Climate change leads to increasing population density and impacts of a key island invader
van Aarde, R.J.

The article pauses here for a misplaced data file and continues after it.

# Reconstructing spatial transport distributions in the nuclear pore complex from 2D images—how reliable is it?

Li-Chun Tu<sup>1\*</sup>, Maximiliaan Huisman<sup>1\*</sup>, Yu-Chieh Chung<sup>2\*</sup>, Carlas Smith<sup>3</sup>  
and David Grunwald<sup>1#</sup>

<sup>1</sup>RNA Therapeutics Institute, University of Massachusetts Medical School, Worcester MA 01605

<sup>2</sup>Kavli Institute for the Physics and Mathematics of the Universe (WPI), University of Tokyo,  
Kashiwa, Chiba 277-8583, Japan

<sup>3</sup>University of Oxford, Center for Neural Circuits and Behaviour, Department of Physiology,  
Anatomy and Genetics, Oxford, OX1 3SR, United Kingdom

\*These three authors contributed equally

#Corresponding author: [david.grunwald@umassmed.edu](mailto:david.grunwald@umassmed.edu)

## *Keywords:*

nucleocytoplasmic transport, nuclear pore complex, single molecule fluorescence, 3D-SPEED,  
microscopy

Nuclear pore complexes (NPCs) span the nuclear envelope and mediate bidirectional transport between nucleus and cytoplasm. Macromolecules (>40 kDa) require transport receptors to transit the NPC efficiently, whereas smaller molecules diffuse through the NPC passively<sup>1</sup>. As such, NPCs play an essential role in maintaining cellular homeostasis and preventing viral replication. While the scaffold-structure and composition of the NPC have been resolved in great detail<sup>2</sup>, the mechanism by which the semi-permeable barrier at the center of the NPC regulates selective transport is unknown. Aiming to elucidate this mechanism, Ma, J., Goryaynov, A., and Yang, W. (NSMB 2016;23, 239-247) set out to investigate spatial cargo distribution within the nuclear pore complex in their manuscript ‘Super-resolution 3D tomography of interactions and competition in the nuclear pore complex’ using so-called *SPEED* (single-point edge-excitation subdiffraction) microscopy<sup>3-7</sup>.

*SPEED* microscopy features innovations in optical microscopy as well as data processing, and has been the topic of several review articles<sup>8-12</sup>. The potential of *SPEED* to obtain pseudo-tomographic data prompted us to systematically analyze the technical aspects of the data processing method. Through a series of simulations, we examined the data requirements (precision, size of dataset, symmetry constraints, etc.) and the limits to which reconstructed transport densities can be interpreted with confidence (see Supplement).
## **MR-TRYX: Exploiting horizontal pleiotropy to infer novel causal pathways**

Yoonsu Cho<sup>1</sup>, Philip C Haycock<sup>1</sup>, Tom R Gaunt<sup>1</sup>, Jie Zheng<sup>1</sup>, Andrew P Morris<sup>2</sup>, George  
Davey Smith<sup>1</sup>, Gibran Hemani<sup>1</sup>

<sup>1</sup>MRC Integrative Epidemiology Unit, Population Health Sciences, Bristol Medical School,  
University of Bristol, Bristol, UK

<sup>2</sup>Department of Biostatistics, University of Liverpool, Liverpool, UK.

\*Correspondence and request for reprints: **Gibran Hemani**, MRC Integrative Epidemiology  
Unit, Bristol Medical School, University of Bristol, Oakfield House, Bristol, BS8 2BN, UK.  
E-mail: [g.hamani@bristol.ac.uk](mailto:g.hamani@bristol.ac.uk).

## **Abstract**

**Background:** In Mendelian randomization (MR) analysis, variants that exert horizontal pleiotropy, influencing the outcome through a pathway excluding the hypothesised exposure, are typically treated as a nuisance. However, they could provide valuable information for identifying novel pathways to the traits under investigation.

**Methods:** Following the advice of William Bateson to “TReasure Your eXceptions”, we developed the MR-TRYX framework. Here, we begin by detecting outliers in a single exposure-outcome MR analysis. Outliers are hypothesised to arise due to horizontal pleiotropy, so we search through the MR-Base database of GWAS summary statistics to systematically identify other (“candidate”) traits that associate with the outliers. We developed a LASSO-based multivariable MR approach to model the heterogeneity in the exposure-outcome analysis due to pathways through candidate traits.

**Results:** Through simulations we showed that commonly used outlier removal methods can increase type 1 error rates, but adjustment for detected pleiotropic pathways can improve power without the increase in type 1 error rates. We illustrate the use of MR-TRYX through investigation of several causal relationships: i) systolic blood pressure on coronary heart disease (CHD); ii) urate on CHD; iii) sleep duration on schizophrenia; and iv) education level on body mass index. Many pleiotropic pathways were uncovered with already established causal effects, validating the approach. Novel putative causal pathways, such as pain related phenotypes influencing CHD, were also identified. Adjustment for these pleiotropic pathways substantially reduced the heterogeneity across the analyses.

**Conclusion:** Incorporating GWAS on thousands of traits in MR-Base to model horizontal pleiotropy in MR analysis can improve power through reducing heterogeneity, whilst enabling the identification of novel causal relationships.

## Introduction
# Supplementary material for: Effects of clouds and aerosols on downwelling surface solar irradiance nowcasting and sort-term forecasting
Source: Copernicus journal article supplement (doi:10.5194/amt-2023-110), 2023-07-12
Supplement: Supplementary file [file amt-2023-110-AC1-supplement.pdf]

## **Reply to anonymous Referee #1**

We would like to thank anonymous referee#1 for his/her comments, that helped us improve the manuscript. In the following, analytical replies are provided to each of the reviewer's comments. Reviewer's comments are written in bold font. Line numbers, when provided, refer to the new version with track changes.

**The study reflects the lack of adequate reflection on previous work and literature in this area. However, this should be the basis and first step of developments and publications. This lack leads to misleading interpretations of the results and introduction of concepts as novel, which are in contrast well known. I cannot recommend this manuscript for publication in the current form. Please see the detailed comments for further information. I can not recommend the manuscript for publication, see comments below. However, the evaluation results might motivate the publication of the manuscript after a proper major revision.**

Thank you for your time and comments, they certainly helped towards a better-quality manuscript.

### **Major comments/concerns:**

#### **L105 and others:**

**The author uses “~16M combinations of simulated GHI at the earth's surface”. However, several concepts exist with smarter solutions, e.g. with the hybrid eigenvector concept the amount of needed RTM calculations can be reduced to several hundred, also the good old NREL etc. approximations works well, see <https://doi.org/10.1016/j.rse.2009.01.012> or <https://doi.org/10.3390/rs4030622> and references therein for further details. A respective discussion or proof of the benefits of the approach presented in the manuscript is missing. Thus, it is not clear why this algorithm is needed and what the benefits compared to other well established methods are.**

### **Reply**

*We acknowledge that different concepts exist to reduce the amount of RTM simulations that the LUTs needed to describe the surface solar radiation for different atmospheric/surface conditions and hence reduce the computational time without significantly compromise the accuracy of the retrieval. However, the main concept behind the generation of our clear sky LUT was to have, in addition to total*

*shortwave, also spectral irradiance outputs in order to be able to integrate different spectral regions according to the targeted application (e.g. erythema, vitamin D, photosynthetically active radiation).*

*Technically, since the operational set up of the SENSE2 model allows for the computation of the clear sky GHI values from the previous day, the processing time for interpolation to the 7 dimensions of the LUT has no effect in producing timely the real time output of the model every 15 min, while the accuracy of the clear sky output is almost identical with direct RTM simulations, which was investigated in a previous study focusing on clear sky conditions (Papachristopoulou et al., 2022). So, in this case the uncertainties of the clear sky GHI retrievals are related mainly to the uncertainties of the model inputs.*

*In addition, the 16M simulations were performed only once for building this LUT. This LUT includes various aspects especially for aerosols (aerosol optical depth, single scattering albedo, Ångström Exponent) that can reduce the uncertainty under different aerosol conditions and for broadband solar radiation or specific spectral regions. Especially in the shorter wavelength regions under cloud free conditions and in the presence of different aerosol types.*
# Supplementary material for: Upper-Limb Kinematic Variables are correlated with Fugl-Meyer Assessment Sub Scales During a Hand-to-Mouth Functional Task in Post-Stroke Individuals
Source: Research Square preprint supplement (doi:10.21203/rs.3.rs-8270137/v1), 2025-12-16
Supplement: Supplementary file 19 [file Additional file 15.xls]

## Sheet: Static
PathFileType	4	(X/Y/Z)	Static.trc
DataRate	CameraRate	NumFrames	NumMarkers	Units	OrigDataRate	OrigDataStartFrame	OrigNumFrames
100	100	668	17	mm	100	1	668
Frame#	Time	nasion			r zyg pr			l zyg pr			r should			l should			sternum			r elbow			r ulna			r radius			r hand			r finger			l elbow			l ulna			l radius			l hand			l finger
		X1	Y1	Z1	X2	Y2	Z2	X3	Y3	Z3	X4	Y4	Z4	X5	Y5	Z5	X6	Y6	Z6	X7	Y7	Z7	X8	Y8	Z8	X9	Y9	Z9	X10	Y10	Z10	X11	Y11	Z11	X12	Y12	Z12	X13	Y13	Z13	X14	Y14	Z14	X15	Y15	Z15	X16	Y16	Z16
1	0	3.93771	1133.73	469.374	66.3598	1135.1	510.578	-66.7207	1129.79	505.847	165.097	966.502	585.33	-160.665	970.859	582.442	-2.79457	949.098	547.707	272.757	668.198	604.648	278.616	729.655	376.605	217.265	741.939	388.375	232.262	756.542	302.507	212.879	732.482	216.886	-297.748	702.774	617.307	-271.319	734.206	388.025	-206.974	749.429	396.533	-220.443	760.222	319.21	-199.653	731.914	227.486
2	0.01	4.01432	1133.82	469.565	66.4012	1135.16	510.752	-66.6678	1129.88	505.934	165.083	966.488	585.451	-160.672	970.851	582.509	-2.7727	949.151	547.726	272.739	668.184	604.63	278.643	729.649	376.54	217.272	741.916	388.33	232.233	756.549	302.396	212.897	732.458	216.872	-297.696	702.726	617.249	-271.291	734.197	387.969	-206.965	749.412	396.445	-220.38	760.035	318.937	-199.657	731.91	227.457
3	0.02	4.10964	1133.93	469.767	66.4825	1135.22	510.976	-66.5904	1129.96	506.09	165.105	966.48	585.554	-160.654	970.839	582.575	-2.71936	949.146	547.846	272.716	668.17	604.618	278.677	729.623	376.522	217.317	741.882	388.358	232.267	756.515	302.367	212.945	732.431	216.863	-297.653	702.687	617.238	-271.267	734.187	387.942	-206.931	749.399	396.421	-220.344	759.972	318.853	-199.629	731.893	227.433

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The considerable threats of invasive rodents to island biodiversity are likely to be compounded by climate change. Forecasts for such interactions have been most pronounced for the Southern Ocean islands where ameliorating conditions are expected to decrease thermal and resource restrictions on rodents. Firm evidence for changing rodent populations in response to climate change, and demonstrations of associated impacts on the terrestrial environment, are nonetheless entirely absent for the region. Using data collected over three decades on sub-Antarctic Marion Island, we tested empirically whether mouse populations have changed through time and whether these changes can be associated significantly with changing abiotic conditions. Changes in invertebrate populations, which have previously been attributed to mouse predation, but with little explicit demographic analysis, were also examined to determine whether they can be associated with changing mouse populations. The total number of mice on the island at annual peak density increased by 430.0% between 1979–1980 and 2008–2011. This increase was due to an advanced breeding season, which was robustly related to the number of precipitation-free days during the non-breeding season. Mice directly reduced invertebrate densities, with biomass losses of up to two orders of magnitude in some habitats. Such invertebrate declines are expected to have significant consequences for ecosystem processes over the long term. Our results demonstrate that as climate change continues to create ameliorating conditions for invasive rodents on sub-Antarctic islands, the severity of their impacts will increase. They also emphasize the importance of rodent eradication for the restoration of invaded islands.